Bryophyte character lists
Bryophyte identification by character lists
The goal of these pages is to assist in the correct identification of mosses and liverworts.
The main issue I’ve encountered in trying to determine species, is that there does not appear to be an obvious hierarchical approach, founded on evolutionary affinity, to reaching a conclusion on the species at hand. While artificial keys are useful in bryophyte identification, unlike the situation with flowering plants and the families they belong to, a knowledge of a bryophyte’s position in the taxonomic hierarchy does not necessarily lead to refinement down to the correct species.
To date, I’ve generally attempted to learn the bryophyte species as atomic entities, observing a specimen and attempting to arrive directly at the correct species name. This appears to be the approach that experts like David Chamberlain and Liz Kungu adopt. But with my current level of familiarity with the British bryophyte flora, I often struggle to come up with likely candidate species, nor can I reliably eliminate unlikely species. This is what these character list pages are aimed at helping with.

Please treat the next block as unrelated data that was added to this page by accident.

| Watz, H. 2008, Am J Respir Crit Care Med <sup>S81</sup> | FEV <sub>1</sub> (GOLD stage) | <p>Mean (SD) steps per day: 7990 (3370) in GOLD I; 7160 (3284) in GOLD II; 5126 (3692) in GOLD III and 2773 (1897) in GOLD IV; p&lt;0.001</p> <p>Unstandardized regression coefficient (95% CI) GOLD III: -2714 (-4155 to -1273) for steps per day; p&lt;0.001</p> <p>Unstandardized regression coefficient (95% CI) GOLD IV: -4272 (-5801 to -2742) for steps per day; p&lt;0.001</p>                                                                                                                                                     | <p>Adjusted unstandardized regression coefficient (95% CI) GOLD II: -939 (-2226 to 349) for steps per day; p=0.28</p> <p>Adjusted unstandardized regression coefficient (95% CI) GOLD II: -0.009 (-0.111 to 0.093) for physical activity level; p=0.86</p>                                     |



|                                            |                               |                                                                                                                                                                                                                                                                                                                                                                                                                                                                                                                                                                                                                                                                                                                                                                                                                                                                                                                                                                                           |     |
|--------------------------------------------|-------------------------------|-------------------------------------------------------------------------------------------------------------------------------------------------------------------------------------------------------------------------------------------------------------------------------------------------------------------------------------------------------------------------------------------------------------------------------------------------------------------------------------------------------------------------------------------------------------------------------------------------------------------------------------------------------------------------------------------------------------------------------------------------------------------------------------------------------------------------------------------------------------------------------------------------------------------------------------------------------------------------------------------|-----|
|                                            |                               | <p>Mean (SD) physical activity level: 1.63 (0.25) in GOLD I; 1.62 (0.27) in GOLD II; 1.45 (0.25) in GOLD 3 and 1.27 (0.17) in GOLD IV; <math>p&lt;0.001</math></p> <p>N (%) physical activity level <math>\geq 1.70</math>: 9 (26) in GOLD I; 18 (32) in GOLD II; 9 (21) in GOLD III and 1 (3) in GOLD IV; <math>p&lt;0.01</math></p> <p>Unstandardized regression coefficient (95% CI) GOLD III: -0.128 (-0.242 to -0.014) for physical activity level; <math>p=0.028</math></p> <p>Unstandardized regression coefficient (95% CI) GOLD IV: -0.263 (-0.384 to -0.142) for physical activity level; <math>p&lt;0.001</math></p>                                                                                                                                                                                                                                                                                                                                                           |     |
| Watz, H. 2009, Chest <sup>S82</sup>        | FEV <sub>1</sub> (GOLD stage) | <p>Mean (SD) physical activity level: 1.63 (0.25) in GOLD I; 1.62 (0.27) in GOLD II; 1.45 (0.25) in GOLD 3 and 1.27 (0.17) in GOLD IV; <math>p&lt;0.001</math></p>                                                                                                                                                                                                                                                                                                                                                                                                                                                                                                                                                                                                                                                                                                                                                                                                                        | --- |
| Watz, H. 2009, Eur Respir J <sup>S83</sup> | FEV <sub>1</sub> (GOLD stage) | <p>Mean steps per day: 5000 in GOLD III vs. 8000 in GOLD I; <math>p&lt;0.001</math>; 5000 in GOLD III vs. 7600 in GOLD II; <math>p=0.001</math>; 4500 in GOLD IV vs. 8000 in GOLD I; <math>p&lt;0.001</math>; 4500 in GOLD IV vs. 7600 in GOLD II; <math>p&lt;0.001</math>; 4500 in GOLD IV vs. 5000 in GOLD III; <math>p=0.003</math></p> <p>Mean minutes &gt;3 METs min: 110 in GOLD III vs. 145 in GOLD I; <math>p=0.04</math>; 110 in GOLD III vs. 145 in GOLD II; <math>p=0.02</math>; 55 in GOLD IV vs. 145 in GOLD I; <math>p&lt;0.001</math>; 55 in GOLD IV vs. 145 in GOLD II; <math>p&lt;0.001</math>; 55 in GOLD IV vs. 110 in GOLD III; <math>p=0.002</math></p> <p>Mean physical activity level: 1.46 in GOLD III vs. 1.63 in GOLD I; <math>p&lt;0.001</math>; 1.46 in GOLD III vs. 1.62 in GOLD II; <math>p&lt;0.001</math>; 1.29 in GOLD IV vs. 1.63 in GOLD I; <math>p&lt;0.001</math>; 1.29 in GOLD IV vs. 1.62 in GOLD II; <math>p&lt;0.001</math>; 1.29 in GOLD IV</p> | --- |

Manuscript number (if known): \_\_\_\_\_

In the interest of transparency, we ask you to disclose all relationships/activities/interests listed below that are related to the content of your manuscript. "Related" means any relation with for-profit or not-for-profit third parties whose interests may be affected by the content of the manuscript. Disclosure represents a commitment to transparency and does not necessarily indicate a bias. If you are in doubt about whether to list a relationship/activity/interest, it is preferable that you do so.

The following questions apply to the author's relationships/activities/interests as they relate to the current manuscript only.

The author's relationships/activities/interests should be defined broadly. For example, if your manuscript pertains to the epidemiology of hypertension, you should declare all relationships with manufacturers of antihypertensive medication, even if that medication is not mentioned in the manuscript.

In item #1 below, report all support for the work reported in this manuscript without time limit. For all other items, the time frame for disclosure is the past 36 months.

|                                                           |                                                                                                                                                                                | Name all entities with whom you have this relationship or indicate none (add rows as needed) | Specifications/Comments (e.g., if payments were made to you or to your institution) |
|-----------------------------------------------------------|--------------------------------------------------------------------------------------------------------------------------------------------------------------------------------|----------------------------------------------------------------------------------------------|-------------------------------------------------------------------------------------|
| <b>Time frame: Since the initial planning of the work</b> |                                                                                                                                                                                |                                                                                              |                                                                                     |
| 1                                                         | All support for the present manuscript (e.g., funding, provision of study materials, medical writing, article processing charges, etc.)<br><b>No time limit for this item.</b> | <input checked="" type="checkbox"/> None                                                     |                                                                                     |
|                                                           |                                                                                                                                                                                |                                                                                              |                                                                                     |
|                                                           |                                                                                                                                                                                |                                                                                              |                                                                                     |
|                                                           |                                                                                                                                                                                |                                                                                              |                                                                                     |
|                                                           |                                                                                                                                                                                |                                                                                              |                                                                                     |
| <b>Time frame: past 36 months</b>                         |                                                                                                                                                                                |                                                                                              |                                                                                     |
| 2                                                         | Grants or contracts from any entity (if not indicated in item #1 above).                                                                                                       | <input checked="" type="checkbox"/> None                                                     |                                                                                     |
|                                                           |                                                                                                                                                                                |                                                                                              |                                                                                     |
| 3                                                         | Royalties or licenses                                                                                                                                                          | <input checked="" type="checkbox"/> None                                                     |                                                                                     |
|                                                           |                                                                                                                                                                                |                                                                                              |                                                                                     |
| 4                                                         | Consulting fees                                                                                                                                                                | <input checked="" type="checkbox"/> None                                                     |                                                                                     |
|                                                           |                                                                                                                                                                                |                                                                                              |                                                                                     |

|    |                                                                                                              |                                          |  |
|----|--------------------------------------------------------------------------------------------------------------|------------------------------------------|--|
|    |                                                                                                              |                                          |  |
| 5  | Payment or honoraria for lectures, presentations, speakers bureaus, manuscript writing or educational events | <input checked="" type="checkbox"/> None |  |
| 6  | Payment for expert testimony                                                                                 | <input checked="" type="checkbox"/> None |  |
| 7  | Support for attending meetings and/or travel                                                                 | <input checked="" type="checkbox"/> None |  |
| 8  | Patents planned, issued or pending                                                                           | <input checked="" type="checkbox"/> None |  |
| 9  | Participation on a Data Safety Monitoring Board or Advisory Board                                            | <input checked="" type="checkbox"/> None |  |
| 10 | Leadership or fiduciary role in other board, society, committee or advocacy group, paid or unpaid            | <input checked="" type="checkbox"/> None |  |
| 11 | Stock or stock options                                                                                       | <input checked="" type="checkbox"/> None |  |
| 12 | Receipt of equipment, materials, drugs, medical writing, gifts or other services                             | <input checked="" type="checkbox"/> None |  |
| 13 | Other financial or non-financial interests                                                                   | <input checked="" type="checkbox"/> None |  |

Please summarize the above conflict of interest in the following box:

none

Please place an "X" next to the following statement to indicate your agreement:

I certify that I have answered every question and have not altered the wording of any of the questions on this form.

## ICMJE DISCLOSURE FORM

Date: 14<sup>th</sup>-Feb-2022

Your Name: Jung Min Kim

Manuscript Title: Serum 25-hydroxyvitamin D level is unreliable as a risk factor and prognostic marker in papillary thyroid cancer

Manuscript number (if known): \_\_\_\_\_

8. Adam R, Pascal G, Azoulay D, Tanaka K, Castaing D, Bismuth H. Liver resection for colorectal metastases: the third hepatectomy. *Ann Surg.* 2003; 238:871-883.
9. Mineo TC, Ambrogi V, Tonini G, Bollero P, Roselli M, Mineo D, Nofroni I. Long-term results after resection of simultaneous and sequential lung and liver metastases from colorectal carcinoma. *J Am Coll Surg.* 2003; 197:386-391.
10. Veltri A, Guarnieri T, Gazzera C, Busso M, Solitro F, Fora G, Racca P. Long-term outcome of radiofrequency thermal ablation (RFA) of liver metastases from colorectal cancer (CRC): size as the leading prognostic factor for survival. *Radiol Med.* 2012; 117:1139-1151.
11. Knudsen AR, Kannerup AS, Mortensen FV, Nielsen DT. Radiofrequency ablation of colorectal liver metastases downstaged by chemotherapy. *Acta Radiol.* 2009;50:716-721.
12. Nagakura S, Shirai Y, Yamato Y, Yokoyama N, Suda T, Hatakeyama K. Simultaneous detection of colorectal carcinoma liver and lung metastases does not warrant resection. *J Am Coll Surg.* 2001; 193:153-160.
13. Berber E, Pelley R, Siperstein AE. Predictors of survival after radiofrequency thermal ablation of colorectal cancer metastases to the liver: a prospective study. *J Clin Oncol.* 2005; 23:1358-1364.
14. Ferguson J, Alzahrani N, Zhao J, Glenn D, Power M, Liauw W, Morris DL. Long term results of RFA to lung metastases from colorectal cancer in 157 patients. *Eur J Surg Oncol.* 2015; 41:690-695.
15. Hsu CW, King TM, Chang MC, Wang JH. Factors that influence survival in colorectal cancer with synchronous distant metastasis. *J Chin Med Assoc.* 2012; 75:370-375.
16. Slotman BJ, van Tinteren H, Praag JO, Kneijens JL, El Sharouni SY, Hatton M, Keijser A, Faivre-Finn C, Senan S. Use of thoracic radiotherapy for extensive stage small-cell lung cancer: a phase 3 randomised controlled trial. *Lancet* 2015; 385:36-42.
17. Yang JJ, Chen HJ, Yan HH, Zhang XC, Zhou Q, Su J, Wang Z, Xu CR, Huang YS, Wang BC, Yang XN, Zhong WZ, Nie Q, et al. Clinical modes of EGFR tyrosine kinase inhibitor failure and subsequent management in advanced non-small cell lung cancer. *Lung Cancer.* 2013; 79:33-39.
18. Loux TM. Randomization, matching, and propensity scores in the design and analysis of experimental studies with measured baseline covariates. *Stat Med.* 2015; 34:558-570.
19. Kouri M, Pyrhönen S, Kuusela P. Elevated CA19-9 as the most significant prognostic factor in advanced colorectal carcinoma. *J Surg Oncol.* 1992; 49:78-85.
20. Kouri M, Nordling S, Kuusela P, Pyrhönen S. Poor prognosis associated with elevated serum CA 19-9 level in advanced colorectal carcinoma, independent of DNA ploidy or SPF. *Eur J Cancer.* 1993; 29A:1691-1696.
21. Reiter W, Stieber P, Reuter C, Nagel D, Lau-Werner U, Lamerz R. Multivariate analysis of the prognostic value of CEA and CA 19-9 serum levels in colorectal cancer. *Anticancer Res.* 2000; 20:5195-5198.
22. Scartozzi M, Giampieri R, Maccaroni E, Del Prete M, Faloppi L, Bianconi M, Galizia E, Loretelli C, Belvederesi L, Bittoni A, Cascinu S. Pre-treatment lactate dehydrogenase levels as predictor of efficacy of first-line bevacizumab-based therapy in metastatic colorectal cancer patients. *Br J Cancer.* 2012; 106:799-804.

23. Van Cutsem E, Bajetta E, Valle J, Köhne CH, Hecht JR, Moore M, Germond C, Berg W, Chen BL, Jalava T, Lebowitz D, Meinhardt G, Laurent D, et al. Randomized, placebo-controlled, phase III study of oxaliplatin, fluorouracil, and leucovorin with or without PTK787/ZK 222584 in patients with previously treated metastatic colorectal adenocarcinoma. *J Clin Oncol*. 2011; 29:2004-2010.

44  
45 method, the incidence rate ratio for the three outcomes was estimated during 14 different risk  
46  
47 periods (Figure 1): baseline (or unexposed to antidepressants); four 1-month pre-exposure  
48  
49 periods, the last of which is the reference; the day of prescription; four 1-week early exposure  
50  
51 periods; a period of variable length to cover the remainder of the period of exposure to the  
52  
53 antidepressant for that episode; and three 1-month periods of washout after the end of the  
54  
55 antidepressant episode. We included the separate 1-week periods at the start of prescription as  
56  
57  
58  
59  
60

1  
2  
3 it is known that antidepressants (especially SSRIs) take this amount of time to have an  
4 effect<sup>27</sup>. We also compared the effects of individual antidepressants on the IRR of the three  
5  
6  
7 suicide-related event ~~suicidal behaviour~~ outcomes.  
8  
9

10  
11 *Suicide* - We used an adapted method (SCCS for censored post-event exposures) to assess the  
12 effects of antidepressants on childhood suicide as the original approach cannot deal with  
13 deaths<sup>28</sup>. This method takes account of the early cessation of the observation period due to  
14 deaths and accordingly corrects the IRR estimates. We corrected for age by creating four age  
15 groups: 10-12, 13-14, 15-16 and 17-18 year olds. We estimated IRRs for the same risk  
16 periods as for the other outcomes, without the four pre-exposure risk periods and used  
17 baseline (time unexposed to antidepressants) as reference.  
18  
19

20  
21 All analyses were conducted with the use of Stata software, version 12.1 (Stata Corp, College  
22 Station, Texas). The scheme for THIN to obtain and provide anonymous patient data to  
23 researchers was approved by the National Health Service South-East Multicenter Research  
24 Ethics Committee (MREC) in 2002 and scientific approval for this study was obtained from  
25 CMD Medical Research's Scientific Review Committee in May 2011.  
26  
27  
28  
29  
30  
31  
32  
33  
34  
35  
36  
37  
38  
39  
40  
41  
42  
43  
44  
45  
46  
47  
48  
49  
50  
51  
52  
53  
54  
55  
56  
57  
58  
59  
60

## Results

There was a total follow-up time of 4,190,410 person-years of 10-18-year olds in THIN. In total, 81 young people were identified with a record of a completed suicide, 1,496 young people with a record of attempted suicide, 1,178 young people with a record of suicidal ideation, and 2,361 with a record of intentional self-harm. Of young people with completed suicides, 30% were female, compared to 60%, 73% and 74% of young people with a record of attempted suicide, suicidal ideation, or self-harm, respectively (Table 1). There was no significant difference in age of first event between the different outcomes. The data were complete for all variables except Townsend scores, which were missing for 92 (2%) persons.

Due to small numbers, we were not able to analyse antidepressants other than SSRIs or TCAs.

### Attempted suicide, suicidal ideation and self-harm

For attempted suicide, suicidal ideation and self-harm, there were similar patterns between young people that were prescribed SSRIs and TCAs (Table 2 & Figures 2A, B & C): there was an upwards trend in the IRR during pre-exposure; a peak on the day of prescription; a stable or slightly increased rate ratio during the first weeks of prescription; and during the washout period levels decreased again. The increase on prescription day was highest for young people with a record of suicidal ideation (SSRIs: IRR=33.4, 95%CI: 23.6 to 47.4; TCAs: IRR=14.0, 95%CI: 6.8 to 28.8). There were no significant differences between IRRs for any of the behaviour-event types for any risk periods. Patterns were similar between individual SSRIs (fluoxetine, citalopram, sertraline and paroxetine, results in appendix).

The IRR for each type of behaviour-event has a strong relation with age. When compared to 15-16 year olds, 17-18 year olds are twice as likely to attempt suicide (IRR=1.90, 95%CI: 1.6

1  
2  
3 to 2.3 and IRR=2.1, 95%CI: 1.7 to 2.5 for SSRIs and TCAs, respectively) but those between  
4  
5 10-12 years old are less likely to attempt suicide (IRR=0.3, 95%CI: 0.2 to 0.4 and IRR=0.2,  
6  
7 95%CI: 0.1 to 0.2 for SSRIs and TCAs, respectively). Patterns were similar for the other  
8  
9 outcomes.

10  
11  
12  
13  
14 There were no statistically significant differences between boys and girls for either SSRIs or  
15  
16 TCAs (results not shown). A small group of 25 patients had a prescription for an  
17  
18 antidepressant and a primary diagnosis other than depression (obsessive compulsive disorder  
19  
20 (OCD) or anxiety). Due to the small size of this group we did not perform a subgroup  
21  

About the author
In addition to graduating in Botany from the University of Glasgow, I've had a life-long fascination with the living world, and I've found myself particularly attracted to the less familiar groups, such as the mosses and liverworts. In the past few years I've endeavoured to improve my skills in identifying bryophye species, and I could hardly have been more fortunate than to meet local experts David Chamberlain, Liz Kungu, Gordon Rothero and David Long.
From 2010 to 2012, I accompanied one or more of these experts on field excursions in various parts of Scotland, part of the Britain and Ireland-wide survey being undertaken to provide recent inventories of species for the new Bryophyte Atlas. Similar expert-led surveys continue, and they are an excellent opportunity for me to improve my identification skills.
These Bryology pages are part of my effort to increase my familiarity with bryophytes, and I decided to share my knowledge here for others to learn from. Of course, this is always going to be a work in progress, and I'd be very happy to receive any feedback you may wish to offer.
Stephen Buchan, Edinburgh. March 2014.